Att lära av det förflutna : Yngre elevers förståelse för och motivering till skolämnet historia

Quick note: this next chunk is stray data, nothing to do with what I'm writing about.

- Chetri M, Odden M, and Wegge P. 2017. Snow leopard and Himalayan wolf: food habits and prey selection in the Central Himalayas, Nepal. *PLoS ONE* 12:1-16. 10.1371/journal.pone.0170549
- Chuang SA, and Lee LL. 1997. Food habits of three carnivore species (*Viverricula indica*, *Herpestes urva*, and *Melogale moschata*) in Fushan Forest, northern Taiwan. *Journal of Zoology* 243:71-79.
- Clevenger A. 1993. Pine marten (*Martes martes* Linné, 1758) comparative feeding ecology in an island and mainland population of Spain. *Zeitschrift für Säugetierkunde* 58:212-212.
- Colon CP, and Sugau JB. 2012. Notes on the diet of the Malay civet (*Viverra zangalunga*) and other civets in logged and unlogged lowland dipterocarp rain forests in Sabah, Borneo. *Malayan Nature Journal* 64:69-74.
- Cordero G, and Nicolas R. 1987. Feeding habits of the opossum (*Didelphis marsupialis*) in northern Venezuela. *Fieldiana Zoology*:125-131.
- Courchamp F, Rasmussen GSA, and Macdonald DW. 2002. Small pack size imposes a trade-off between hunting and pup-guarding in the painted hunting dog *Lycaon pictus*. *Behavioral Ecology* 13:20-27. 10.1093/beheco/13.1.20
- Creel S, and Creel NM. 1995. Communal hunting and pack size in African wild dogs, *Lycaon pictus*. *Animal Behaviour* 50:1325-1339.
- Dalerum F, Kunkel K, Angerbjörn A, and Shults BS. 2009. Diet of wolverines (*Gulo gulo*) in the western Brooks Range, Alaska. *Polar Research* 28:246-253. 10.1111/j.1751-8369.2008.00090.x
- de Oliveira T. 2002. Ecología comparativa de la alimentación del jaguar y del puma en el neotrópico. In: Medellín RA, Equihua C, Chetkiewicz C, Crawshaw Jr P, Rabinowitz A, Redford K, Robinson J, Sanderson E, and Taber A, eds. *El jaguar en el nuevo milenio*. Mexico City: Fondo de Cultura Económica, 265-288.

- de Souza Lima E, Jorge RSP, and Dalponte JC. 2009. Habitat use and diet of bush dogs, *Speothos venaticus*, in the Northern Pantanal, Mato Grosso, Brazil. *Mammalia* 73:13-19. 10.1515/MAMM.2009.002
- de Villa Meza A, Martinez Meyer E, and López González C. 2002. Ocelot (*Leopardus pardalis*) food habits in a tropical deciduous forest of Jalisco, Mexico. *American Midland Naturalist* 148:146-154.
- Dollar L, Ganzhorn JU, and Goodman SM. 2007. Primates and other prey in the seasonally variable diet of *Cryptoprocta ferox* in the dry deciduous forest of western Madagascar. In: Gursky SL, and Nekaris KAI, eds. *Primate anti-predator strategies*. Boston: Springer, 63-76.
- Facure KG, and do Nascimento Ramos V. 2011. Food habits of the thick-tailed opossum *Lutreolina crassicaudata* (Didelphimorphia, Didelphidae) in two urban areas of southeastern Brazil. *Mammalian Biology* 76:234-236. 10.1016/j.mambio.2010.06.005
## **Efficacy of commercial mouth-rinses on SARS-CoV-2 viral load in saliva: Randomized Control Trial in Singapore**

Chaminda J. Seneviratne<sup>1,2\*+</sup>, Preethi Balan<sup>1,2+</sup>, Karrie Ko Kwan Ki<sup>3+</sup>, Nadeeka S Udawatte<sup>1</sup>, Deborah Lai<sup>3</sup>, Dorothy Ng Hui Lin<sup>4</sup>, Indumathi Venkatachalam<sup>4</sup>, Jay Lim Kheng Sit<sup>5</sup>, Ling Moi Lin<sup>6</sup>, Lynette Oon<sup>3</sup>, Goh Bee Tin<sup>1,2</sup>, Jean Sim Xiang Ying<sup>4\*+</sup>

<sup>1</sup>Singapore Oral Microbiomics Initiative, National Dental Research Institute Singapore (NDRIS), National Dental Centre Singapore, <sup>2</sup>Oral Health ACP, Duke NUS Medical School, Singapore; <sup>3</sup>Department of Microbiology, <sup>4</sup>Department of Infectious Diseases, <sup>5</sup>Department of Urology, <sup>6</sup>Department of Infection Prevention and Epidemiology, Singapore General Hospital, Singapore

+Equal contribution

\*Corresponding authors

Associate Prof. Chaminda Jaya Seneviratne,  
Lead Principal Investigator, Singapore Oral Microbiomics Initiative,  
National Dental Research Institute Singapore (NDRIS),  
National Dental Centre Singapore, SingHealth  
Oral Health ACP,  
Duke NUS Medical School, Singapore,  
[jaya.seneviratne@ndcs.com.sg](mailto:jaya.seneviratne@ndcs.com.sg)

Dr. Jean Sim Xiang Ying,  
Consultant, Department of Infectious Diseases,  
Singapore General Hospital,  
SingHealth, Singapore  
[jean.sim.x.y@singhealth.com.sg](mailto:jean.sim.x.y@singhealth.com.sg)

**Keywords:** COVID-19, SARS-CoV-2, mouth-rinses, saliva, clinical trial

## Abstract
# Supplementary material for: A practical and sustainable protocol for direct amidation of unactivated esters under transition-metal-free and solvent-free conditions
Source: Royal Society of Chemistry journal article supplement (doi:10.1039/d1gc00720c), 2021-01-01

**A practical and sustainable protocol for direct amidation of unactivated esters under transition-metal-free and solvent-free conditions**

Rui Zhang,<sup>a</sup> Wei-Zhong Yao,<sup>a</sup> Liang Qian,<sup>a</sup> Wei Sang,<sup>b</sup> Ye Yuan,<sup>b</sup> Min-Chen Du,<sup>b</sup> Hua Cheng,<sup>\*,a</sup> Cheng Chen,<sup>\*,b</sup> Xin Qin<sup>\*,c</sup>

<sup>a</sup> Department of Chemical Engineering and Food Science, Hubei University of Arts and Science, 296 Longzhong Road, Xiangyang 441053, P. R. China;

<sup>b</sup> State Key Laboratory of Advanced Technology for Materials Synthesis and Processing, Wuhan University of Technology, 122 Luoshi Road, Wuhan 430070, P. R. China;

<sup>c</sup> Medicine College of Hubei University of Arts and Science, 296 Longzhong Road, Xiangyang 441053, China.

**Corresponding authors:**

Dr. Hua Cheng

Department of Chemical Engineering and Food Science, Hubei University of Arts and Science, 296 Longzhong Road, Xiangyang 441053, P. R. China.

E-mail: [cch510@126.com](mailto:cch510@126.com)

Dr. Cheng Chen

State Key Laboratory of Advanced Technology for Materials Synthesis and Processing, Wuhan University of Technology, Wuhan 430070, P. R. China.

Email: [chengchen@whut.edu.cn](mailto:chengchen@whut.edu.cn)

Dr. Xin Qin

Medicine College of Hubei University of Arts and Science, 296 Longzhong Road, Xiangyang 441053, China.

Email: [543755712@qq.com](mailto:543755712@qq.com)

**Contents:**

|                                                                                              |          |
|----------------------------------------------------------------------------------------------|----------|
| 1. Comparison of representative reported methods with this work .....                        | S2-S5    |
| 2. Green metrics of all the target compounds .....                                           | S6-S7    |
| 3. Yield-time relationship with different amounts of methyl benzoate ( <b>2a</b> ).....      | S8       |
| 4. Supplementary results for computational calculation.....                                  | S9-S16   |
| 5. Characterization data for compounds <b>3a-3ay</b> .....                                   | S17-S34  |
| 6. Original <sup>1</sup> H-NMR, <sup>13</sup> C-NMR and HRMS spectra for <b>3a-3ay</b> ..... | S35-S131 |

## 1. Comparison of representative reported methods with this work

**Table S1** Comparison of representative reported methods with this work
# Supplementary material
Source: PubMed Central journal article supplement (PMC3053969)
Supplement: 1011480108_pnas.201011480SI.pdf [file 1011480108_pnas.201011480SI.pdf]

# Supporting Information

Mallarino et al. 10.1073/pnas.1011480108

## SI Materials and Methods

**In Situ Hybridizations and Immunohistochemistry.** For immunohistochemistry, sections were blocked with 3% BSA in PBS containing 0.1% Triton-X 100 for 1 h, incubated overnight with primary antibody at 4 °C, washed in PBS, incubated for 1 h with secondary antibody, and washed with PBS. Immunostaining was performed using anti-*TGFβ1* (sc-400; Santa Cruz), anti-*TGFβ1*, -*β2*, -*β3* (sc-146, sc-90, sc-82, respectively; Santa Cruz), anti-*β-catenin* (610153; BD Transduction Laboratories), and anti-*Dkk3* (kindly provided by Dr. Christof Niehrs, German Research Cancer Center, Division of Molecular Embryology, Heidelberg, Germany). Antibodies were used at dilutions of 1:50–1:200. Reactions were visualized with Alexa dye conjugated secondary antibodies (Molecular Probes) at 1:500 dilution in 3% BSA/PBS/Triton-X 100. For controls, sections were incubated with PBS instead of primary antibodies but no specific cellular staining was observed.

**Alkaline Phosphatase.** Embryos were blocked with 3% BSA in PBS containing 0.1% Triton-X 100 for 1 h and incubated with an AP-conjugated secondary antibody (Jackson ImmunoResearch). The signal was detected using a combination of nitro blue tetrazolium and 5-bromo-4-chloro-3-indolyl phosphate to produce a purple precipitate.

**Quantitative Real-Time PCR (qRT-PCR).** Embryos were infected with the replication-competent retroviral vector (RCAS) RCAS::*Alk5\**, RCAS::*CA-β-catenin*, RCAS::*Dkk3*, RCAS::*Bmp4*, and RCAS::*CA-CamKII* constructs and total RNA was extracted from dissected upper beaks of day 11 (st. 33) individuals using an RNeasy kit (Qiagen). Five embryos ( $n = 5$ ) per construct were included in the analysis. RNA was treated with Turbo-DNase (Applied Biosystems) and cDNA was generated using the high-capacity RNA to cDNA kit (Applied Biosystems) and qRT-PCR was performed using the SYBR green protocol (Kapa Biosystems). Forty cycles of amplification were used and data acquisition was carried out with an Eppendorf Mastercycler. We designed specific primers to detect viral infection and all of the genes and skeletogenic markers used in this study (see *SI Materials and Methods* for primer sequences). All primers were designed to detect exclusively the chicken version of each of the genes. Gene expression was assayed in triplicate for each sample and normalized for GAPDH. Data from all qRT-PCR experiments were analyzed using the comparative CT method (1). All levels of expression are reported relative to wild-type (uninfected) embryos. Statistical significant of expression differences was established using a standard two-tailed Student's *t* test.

Sammanfattning: To learn from the past- younger pupils´ understanding of and motivation for history as a school subjectWhen pupils take part in schools´ history teaching they encounter a school historical culture, which is a part of society’s historical culture. Historical culture is here defined as the specific and particular way in which a society relates to its past. How pupils understand and motivate history as a school subject is a part of how they perceive society’s historical culture. This study examines younger pupils' historical culture based on Jörn Rüsen's defined dimensions of historical culture, which are: cognitive, political, moral, religious and aesthetical. The aim of this study is to examine younger pupils’ historical culture and how they perceive the historical culture they encounter in history as a school subject. In the study, the pupils´ historical culture is defined as the pupils' definition, perception and understanding of history, and primarily, of history as a school subject.The results show that all of Rüsen's five dimensions of historical culture become visible in the pupils’ expressed historical culture, albeit to a different extent. Both the cognitive and moral dimensions become visible in the pupils' main motivation for and understanding of history as a school subject: that they should learn from the past. The pupils say that they can learn from the major events and of peoples’ mistakes and achievements in the past. The pupils also believe that they can learn from the past on a practical level. They also emphasis that they need to learn from the past in order to understand the society they live in since it builds on the past. The pupils also express that school history has an entertaining aspect. They mainly emphasise the exciting and dramatic events in the past. The pupil’s historical culture appears to be homogeneous and mainly based on the teaching they received in history as a school subject, but also with an imprint from a social history culture with an interest in, primarily, World War II.The pupils primarily identify with the historical culture they meet through education at school, and mean that the history conveyed to them at school is the same as they encounter in society. The different historical cultural identities the pupils acknowledged that they belonged to seem to overlap and complement one another. The pupils trust the representations of history they encounter both inside and outside school.
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